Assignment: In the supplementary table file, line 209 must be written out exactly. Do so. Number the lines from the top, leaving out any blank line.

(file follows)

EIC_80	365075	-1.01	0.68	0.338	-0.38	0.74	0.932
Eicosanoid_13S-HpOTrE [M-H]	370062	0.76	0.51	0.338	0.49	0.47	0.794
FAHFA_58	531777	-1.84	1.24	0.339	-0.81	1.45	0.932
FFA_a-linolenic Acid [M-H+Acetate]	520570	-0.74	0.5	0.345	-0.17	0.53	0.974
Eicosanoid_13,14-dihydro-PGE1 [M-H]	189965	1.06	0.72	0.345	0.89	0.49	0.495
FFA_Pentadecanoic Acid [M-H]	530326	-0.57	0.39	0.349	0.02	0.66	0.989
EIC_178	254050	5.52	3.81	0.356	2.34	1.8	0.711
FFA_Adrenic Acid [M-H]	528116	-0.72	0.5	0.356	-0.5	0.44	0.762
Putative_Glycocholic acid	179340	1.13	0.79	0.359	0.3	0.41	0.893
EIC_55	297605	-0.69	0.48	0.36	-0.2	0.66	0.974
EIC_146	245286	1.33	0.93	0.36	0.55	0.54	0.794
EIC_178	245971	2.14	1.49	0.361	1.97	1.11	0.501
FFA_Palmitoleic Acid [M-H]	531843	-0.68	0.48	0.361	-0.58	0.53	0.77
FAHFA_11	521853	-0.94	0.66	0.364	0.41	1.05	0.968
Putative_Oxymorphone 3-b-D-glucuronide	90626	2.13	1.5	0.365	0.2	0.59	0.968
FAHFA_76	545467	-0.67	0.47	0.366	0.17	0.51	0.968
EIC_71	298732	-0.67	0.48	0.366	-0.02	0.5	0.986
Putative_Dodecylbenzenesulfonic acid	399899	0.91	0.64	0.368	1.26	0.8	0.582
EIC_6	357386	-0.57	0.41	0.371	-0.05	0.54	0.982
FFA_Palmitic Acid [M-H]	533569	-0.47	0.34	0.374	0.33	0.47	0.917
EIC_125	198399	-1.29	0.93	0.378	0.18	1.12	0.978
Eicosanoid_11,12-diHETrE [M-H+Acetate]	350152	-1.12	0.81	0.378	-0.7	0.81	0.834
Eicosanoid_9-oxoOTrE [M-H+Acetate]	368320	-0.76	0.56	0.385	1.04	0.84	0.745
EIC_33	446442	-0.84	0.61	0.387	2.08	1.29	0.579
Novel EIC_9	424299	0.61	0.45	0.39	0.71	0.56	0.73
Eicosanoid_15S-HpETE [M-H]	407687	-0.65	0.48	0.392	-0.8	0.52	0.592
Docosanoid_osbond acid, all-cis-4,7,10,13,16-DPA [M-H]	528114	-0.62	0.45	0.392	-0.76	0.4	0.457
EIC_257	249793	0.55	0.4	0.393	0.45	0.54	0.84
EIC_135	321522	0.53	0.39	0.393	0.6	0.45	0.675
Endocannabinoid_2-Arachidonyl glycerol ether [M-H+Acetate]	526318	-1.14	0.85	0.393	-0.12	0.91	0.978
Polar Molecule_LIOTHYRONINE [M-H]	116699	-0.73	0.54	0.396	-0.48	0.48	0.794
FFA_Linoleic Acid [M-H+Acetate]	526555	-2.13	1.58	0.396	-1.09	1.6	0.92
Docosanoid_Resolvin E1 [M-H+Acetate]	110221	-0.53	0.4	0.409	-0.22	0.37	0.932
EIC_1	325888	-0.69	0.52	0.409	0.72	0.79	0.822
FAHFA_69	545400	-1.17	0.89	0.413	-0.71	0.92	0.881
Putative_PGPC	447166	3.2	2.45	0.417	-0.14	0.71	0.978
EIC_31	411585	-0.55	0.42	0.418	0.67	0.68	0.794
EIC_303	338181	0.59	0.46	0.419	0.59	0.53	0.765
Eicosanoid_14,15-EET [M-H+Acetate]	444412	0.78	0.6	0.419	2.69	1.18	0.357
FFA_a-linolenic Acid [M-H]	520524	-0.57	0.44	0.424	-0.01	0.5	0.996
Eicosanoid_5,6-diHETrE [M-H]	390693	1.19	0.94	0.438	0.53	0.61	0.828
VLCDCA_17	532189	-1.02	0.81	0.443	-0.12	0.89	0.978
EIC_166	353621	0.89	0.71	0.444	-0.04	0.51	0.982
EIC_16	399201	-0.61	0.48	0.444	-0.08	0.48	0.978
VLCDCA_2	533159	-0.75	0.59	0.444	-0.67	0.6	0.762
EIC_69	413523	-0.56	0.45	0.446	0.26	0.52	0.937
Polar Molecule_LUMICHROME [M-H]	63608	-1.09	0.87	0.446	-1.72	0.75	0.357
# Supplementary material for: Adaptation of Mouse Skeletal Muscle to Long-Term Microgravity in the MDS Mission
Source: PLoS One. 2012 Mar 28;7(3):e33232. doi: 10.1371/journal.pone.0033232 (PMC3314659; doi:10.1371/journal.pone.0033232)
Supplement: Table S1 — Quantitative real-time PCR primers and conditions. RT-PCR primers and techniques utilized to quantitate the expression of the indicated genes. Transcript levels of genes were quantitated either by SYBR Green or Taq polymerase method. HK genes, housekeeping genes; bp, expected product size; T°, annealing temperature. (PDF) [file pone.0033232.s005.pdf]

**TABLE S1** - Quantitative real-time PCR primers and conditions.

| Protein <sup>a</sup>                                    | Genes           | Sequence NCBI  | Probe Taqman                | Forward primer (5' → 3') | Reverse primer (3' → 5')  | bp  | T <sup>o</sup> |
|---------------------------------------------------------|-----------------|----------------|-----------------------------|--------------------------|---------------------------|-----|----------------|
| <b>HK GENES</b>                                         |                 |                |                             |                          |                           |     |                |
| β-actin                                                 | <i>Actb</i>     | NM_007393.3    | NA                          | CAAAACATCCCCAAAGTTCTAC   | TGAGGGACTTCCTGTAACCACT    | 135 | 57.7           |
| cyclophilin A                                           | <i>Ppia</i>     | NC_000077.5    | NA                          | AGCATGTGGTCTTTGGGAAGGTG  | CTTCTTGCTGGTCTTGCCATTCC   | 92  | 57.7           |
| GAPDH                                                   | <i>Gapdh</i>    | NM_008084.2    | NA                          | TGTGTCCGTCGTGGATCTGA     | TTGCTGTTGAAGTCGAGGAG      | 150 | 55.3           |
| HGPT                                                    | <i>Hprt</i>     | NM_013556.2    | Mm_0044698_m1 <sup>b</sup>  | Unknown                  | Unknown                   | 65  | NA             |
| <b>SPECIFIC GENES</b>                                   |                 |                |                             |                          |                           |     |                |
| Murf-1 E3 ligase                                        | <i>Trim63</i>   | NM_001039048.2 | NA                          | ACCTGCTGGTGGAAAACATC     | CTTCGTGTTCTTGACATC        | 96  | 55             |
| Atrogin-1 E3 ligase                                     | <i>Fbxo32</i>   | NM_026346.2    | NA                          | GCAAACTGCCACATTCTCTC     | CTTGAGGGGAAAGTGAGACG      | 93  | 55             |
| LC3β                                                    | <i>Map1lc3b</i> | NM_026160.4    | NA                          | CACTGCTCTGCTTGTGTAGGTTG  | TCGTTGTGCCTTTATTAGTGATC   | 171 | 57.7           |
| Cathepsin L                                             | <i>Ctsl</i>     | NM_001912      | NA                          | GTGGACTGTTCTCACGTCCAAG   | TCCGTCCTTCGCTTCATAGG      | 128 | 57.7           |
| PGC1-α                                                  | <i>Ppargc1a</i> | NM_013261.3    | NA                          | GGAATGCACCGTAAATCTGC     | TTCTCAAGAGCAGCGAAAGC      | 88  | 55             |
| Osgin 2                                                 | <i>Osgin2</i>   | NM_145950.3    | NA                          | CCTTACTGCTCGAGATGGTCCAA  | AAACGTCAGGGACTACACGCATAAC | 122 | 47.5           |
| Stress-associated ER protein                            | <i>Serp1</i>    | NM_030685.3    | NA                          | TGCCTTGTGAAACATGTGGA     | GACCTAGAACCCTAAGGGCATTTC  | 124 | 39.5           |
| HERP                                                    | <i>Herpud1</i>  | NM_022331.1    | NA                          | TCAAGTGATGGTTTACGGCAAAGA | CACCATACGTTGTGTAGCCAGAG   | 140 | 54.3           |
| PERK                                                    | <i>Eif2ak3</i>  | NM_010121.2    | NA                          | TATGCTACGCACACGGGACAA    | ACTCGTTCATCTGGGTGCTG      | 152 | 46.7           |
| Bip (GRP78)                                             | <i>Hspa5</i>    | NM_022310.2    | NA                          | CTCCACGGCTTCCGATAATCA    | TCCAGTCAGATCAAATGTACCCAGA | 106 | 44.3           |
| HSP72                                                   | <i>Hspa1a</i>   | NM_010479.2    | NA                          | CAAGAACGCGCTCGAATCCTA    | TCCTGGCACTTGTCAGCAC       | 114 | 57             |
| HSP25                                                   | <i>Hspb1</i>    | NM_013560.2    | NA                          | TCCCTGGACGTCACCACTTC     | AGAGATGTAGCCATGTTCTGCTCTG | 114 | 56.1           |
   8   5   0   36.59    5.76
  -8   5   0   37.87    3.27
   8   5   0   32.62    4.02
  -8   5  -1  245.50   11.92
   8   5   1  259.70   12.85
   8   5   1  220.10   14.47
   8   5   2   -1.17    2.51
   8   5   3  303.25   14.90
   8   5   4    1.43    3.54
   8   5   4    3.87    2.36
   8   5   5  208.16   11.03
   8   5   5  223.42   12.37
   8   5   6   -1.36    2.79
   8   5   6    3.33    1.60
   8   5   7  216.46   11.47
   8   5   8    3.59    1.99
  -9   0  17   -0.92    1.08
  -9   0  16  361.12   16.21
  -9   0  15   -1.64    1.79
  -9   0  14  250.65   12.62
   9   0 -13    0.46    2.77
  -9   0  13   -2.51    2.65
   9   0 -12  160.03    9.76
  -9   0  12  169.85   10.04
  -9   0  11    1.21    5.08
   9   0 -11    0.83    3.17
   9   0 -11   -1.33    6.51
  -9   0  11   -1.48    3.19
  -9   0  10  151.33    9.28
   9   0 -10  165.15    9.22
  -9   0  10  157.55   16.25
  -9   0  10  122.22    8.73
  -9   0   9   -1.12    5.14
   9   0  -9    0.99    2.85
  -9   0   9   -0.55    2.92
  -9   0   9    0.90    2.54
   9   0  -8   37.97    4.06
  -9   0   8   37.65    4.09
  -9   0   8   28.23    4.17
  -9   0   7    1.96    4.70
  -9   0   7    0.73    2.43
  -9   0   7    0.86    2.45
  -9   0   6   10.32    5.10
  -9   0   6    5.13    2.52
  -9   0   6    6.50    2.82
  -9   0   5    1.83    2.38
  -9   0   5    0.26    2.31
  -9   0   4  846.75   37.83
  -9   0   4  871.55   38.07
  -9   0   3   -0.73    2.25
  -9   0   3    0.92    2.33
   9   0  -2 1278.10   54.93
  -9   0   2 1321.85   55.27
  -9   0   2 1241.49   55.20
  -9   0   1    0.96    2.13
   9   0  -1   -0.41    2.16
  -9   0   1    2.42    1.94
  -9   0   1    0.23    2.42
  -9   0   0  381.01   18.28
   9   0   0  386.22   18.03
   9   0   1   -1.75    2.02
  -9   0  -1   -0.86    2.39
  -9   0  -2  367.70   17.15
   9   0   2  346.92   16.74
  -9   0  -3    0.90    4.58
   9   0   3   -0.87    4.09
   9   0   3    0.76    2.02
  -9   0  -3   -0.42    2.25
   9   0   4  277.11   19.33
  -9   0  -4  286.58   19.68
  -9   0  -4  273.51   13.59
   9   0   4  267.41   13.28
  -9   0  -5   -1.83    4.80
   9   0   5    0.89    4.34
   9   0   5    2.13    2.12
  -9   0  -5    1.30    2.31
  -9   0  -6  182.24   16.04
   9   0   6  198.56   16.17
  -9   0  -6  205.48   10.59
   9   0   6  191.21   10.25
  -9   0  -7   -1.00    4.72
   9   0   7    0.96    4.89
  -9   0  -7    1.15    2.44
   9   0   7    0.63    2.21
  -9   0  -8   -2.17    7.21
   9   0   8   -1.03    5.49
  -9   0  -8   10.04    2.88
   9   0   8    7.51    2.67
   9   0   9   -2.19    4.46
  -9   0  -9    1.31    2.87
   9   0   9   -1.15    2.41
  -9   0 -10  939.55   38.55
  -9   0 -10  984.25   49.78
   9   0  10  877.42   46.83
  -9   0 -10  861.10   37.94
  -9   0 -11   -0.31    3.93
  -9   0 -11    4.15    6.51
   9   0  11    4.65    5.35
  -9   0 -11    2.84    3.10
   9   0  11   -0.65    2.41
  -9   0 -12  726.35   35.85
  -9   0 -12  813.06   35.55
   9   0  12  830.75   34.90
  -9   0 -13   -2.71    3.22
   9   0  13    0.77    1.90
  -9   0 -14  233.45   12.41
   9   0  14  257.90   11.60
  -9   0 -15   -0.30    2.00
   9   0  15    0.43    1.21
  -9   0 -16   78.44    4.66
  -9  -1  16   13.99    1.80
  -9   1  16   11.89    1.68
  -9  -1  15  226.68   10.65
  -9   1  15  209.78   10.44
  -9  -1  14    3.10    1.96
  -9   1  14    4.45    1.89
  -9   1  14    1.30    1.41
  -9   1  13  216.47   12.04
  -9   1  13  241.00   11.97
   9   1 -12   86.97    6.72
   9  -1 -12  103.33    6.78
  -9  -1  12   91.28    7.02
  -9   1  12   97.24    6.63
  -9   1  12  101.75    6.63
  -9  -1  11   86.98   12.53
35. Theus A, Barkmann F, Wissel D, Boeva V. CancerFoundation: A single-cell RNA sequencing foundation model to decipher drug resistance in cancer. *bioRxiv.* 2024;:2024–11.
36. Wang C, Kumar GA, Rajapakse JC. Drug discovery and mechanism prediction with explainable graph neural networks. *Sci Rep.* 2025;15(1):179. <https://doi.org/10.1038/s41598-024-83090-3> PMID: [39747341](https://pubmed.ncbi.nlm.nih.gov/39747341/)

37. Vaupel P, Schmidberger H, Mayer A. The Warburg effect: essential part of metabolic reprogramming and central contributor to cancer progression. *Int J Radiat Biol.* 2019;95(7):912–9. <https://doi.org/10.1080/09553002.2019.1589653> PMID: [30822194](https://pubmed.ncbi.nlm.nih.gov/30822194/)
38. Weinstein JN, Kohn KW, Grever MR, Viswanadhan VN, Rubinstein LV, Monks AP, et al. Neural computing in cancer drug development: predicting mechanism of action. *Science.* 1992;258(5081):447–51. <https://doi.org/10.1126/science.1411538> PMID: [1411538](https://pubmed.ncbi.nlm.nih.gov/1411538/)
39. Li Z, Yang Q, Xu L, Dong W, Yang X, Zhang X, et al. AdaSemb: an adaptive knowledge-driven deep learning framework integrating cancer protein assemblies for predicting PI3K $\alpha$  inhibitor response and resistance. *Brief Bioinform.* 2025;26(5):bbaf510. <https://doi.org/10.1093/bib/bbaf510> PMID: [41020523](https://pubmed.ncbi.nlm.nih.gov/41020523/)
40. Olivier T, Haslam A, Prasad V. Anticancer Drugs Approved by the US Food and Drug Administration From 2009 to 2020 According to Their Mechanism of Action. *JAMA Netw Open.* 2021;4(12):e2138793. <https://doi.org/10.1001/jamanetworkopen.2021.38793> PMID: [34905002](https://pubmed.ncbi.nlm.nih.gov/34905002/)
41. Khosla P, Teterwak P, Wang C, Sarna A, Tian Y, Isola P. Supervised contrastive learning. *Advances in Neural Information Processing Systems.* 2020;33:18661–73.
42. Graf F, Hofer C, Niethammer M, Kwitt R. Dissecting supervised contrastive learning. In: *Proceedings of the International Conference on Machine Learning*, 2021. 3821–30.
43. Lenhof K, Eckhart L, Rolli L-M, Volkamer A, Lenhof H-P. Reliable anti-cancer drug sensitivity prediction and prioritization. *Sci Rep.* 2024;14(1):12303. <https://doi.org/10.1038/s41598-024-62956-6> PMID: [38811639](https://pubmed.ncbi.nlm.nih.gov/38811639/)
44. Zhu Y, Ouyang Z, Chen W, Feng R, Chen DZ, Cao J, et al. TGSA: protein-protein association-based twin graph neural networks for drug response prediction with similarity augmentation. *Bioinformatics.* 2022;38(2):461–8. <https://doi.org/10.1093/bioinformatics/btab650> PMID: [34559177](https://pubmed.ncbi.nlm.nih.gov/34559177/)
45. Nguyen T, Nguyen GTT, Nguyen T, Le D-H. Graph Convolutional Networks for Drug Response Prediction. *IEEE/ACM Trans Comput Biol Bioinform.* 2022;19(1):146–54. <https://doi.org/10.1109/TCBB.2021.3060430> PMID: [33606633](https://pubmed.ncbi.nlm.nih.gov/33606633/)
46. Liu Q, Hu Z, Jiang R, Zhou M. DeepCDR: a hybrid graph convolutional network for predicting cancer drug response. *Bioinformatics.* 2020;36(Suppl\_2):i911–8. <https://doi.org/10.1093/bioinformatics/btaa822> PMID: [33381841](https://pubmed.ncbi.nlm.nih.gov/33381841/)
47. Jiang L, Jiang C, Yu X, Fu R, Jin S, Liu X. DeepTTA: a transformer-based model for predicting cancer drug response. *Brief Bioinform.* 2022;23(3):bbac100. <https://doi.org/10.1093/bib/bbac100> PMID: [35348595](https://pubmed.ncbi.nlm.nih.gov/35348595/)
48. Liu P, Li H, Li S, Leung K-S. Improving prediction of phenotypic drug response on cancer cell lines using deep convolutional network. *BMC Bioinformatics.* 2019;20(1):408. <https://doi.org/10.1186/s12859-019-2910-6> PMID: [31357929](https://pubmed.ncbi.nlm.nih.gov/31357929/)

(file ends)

47. Jiang L, Jiang C, Yu X, Fu R, Jin S, Liu X. DeepTTA: a transformer-based model for predicting cancer drug response. *Brief Bioinform.* 2022;23(3):bbac100. <https://doi.org/10.1093/bib/bbac100> PMID: [35348595](https://pubmed.ncbi.nlm.nih.gov/35348595/)